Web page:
Evidence of meeting #64 for Finance in the 41st Parliament, 1st Session. (The original version is on Parliament’s site, as are the minutes.) The winning word was csis.

A recording is available from Parliament.

On the agenda

MPs speaking

Also speaking

7:30 p.m.

Conservative

Dave Van Kesteren Chatham-Kent—Essex, ON

You were critical about the fact that there is 100% backing for the government institution, whereas for privates it is 90%, I think. Is that still the case? Has the government listened to some of those concerns?

7:30 p.m.

Prof. Jane Londerville

There's nothing in the bill that addresses that.

CMHC is 100% backed just because it's a crown corporation. I think somehow we need to get to a point where everybody has the same backing. It could be 50%. They could spin off the mortgage insurance business out of CMHC and have everybody have a 50% guarantee. I don't care what it is, as long as it's the same for everybody.

7:30 p.m.

Conservative

Dave Van Kesteren Chatham-Kent—Essex, ON

What percentage of the market is shared by the public sector?

7:30 p.m.

Prof. Jane Londerville

CMHC has about 70% of the mortgage insurance market.

7:30 p.m.

Conservative

Dave Van Kesteren Chatham-Kent—Essex, ON

Is its percentage going down?

7:30 p.m.

Prof. Jane Londerville

No.

7:30 p.m.

Conservative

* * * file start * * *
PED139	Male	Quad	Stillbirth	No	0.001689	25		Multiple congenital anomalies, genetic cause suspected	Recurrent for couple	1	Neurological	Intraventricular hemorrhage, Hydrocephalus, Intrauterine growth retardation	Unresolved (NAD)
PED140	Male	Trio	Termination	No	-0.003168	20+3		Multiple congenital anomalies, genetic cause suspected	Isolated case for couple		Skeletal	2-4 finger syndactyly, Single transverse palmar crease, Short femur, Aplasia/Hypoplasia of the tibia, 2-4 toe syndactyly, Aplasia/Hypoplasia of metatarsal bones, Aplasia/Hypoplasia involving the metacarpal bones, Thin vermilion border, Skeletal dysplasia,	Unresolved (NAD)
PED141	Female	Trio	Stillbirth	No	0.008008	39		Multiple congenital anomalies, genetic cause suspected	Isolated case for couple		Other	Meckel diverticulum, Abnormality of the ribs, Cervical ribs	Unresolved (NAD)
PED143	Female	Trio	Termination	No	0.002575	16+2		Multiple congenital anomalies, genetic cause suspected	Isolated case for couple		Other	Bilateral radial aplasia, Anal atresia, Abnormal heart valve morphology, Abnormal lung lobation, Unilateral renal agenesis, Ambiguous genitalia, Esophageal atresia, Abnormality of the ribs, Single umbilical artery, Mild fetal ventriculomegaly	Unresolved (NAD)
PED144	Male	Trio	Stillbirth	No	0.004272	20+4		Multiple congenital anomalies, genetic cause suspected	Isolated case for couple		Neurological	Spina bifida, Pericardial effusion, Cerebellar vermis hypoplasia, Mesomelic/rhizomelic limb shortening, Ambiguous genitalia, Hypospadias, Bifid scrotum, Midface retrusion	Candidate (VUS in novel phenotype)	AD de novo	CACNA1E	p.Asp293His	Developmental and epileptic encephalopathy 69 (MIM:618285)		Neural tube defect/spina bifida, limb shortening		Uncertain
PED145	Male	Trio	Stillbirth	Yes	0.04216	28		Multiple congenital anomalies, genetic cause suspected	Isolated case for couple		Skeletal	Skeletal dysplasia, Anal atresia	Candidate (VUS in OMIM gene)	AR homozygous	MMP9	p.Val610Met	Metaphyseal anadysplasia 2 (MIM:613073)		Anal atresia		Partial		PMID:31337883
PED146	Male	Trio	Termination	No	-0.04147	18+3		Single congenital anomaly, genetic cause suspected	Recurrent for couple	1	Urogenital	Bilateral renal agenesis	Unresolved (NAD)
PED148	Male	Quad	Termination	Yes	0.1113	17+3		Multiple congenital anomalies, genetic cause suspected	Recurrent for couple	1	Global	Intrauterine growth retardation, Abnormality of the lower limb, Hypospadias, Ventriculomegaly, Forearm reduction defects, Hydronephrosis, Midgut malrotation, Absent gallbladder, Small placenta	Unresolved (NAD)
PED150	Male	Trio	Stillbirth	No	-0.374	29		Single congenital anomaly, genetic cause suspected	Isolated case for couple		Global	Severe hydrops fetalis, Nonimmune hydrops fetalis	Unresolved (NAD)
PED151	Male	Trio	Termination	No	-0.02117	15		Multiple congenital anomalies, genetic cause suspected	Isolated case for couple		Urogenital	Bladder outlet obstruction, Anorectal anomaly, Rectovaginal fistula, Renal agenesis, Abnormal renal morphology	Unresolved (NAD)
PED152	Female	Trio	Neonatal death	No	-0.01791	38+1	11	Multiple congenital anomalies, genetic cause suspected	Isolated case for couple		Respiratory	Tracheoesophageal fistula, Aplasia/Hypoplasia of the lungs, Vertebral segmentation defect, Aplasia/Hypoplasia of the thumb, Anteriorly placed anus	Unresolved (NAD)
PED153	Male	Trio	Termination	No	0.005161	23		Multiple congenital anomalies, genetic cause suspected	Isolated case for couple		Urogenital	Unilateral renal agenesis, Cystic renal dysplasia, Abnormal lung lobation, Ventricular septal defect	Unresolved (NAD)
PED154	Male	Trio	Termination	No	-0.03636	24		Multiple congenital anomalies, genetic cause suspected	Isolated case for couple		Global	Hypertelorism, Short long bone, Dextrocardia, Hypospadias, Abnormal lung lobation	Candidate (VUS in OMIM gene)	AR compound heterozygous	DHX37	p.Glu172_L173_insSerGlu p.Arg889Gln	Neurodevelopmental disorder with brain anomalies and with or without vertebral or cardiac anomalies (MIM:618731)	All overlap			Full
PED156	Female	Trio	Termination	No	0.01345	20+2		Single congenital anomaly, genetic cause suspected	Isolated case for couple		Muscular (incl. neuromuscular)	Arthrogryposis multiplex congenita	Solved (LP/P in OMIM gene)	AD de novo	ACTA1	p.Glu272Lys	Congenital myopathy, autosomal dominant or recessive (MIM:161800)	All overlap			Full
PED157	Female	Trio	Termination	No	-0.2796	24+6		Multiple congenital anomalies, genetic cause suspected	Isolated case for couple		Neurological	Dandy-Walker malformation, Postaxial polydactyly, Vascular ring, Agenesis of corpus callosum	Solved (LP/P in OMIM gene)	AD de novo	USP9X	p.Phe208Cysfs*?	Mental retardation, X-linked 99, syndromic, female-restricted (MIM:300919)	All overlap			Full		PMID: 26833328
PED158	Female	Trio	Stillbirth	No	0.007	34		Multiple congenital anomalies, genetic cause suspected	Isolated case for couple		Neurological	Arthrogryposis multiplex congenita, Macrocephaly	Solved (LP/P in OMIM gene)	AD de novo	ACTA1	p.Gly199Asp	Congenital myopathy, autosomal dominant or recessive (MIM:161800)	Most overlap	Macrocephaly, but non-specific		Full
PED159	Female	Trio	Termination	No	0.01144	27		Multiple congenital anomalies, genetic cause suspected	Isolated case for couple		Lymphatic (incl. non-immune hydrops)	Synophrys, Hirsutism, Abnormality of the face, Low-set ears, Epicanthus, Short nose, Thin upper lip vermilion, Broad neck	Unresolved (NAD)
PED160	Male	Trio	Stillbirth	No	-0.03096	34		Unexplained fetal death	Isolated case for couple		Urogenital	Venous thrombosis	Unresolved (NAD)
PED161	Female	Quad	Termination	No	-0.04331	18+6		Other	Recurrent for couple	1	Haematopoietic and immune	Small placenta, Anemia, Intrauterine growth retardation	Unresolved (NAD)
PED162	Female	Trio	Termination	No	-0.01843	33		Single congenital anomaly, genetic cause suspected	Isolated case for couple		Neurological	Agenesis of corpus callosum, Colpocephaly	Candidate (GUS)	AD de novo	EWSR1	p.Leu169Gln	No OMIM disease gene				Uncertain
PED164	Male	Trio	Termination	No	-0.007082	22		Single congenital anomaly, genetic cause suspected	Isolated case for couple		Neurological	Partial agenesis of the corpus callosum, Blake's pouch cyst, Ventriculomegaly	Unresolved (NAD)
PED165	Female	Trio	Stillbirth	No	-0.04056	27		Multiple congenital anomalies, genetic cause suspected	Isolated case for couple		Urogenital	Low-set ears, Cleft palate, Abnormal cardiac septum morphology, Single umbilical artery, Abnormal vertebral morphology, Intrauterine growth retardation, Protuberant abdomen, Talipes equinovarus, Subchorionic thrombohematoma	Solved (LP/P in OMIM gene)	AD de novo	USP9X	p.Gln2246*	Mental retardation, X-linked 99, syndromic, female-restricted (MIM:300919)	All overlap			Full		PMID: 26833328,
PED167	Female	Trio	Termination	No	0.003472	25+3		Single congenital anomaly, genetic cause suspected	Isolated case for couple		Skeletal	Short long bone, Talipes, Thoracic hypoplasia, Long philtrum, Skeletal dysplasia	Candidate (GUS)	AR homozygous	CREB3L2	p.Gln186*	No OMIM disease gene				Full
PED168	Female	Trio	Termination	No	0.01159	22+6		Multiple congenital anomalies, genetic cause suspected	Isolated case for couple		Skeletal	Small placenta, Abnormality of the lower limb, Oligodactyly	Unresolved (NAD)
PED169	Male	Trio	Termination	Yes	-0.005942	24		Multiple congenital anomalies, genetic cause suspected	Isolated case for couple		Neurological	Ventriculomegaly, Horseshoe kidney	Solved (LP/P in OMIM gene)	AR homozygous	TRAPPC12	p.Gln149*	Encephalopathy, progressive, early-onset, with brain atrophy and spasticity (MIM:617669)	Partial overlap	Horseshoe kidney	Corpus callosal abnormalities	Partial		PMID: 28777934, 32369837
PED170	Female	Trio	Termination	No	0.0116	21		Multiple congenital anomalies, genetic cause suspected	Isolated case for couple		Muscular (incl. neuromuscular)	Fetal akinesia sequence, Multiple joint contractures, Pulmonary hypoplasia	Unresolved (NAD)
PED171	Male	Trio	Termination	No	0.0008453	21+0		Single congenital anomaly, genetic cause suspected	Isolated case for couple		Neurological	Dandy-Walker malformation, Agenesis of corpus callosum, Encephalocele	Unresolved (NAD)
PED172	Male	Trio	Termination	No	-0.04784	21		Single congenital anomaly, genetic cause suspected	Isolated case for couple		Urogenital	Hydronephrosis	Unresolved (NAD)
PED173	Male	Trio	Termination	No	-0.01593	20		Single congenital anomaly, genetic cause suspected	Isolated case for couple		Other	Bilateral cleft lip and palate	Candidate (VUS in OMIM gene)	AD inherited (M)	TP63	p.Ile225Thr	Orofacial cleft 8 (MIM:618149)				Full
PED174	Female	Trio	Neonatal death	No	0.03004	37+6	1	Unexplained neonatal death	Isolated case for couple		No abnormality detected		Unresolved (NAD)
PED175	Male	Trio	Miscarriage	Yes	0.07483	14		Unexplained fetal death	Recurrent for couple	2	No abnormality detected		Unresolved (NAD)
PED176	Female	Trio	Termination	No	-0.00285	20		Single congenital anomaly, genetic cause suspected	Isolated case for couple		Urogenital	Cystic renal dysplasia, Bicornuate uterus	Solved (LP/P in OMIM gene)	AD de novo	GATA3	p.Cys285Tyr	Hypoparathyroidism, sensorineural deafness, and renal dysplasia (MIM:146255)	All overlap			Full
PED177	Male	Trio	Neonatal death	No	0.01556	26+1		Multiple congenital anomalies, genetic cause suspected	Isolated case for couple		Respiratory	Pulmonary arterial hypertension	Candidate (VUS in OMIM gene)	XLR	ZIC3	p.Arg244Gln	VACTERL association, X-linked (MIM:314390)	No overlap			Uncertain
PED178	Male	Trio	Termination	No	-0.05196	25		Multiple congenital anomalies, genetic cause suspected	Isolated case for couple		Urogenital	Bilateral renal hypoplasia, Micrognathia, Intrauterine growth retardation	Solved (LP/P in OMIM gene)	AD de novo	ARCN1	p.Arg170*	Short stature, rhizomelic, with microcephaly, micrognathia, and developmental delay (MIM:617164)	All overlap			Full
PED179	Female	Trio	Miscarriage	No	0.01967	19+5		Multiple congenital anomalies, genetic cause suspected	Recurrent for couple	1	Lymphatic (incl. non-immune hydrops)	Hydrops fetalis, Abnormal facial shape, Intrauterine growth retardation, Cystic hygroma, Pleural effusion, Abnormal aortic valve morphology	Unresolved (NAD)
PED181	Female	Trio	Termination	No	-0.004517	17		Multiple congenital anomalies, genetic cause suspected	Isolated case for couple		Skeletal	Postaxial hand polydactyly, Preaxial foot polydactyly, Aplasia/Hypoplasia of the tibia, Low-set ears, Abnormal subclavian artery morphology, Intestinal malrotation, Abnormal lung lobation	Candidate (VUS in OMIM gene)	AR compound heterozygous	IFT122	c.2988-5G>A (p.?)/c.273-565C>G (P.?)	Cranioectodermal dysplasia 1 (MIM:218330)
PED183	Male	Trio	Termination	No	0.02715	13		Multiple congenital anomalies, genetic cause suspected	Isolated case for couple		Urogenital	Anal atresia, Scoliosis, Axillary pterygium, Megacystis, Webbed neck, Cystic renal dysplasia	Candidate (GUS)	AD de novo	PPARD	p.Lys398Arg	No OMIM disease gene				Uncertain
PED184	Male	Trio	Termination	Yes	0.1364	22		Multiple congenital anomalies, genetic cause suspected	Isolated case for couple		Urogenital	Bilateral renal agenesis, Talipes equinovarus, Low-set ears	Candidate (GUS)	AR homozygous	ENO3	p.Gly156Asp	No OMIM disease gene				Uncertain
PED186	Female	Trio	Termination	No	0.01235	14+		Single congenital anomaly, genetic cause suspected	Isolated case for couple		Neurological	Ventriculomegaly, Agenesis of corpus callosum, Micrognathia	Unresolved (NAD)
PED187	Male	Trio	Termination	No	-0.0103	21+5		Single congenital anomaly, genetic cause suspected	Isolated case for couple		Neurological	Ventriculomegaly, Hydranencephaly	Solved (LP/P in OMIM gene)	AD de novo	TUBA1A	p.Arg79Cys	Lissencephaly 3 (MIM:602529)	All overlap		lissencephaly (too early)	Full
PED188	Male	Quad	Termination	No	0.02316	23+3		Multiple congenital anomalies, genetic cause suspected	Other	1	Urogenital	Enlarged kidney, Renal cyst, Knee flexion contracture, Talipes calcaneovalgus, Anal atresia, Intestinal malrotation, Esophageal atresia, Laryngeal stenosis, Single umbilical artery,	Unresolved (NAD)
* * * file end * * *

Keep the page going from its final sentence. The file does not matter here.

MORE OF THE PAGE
Dave Van Kesteren Chatham-Kent—Essex, ON

It's not.

Okay, good. Thank you.

7:30 p.m.

Conservative

The Chair James Rajotte

Thank you, Mr. Van Kesteren.

Monsieur Mai, s'il vous plâit, pour cinq minutes.

May 29th, 2012 / 7:30 p.m.

NDP

Hoang Mai Brossard—La Prairie, QC

Thank you, Mr. Chair.

Mr. Kennedy, I'm really curious because I think Ms. Glover mentioned that when the officials were here and we asked them questions—and I think Ms. Nash has said it—they were basically telling us there was duplication and they just wanted to make it easier and save a bit of money.

You wrote a piece on May 11. I would say it is quite alarming in the sense that you are saying we are cutting the eyes and ears of the minister.

Maybe that's why it has been put in this bill and that we at the finance committee are looking at it, so that we understand what's happening.

I know you've been there. You've worked for 20 years, if I'm not mistaken, in public security. Can you tell us, should we be worried that we're cutting the Inspector General's position and the role of the Inspector General?